As I worked, fighting against the wind trying to blow my supplies away, a gentle Asian soul approached me and, watching calmly with great interest, began asking questions of what I was doing. I always love visiting with people when I am out painting, and this was no exception. However, being distracted by the blowing winds, I was not aware that the gentleman actually was filming me with the intention of posting on social media. Had I known that, perhaps I would have shown more composure and lest distractedness. He indeed asked permission to film, but I honestly thought the howling wind was discouraging his efforts, and was under the impression that he gave up, though he stayed and visited with me awhile and took my business card, thanking me for my time. I soon forgot about the encounter, as I visited with over a dozen people during that brief stretch of attempted painting.

Late last night, while I was home, the gentleman’s kind email arrived, with the YouTube link, and I gladly post it for you now with the disclaimer that his camera work was much more composed than I!

After painting awhile (or trying to!), I returned to the truck and let our dog Patches out for a stroll. Then I set up his portable pen under the shade of the evergreens, and had intended to spend about half an hour with him before putting him back into the truck and returning to the canyon to paint. But he was so darned affectionate, choosing to jump into my lap and remain rather than lie on his blanket in the pen. So . . . I waited for Sandi to return from her ride before packing my gear back to the canyon for round two.

Here are the two sketches I attempted in the raging winds atop Bryce Canyon.

My biggest adjustment returning to Arlington, Texas has been the temperatures. As I write this, we are sitting this afternoon at 88 degrees with intolerable humidity. On the morning of our return, it was 50 degrees in Albuquerque. Stepping outside in this Texas weather now makes me wish for the 34 degrees and foot-deep snow I enjoyed last week in Colorado!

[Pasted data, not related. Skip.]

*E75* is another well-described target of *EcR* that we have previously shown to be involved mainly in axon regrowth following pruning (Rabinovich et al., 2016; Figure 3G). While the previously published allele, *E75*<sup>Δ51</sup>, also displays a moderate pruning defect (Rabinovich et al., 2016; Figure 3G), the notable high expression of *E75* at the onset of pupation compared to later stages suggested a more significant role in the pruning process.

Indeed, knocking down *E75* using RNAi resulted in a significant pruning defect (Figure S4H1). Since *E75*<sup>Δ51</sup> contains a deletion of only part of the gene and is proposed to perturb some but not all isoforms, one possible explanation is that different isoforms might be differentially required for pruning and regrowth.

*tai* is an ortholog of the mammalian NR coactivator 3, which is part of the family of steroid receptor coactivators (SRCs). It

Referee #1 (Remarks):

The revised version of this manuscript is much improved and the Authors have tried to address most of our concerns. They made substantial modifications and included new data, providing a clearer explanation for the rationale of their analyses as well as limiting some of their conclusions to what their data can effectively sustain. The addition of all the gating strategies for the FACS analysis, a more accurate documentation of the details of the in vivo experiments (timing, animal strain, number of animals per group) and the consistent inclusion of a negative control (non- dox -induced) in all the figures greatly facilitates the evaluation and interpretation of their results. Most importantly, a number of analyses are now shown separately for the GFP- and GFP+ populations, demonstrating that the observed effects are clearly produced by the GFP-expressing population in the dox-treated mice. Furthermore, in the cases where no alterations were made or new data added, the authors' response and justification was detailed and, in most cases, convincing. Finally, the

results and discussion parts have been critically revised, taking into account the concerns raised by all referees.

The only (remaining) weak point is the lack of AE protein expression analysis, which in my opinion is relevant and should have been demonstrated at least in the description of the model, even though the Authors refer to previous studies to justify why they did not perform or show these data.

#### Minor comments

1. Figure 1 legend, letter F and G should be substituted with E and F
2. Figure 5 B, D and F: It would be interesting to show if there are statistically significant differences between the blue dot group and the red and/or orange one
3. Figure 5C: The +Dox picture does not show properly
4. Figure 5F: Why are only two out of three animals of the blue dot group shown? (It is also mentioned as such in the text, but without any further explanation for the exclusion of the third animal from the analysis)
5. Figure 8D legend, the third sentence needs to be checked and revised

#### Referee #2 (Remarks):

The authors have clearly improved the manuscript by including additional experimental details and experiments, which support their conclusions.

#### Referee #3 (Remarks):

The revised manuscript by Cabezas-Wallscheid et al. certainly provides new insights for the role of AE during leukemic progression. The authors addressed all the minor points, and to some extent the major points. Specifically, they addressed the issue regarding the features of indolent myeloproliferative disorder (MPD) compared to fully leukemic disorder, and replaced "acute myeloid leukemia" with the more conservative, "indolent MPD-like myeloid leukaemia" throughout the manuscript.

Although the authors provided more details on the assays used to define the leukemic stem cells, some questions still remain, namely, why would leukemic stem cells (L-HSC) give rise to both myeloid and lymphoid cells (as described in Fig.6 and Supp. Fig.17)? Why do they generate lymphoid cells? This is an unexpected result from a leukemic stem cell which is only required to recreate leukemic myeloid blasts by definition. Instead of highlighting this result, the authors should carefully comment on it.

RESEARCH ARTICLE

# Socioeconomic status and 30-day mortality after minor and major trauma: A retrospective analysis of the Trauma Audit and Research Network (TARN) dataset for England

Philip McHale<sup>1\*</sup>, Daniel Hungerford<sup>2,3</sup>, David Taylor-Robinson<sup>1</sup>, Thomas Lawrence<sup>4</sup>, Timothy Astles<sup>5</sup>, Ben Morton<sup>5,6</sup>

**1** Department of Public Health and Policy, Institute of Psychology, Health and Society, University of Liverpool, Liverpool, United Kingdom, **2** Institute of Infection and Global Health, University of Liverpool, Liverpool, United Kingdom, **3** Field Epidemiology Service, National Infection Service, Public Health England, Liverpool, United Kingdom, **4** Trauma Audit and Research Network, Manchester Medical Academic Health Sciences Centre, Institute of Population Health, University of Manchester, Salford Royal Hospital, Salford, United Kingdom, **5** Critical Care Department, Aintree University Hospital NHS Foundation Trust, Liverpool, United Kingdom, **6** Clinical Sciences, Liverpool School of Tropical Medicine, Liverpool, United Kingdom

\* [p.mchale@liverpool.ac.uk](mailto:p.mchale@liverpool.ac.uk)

As I continue to look over photos and sketches from our trip, I took my first shot today at sketching a bison I photographed outside Zion National Park.

I haven’t yet decided on my next major project, but anticipate that something will happen soon. For the time being, Sandi and I are going to re-visit the Kimbell Art Museum in Fort Worth-a site we haven’t seen in way too many months.

Thanks for reading.

I make art in order to discover.

I journal when I feel alone.

I blog to remind myself I am not alone.

Snow Rhapsody on the Stream

September 10, 2020
South Fork of the Rio Grande

The river was clear and smoothly fast in the early morning.
Down about two hundred yards were three logs all the way across the stream. They made the water smooth and deep above them. As Nick watched, a mink crossed the river on the logs and went into the swamp. Nick was excited. He was excited by the early morning and the river.

Ernest Hemingway, “The Big Two-Hearted River”

Riverbend Resort has been my favorite Colorado haunt since our friends the Darrs introduced us to this place twenty years ago. The South Fork of the Rio Grande cuts through the resort, and I decided to rent a tent spot for $30 so I could fish on this private stretch of water that I have come to know so well.

With temperatures hovering at 34 degrees and the one-foot snowfall thawing enough to make trudging through the meadows easier, I pulled on sufficient winter gear to enter the stream and not suffer chills with the icy winds coming down the gorge.

Rhapsody in the Stream

After working the waters for nearly two hours, I only encountered a small brown trout for five seconds before he shook free of the fly. Copper Johns have always been the trouts’ nymph of choice, and I was advised that they were still doing the trick this time of year in these parts. But I was having near-zero luck this time.

Nevertheless, the waters were beautiful as was the fallen snow all around, and I felt a serenity I always cherish when wading a mountain stream. The solitude was rich; I only enountered one other fly fisherman who hailed me from the shore as he was trudging back to his cabin, having caught only one small rainbow. Temperatures continued to hold steady in the mid-thirties, but I felt no discomfort. In the third hour, I finally reached my favorite hole–an enormous shelf of rock the size of a pickup truck slanting into the water, the darkness beneath making my pulse quicken.

My first cast into the shadow of the rock was greeted by a fourteen-inch rainbow whose aerobatics entertained me for about half a minute. By the time I had him within three feet of my net, he broke free and was gone. Still, watching his antics sent thrills throughout my being, and I knew there had to be more action where that originated.

After missing another trio of strikes near the rock, I finally hooked and netted a small brown and took a moment to admire the beautiful bronzes, golds and scarlets that played along his flank as he lay on the rocks. I wasn’t fishing for food today, and was glad to see him dart into the depths once I released him.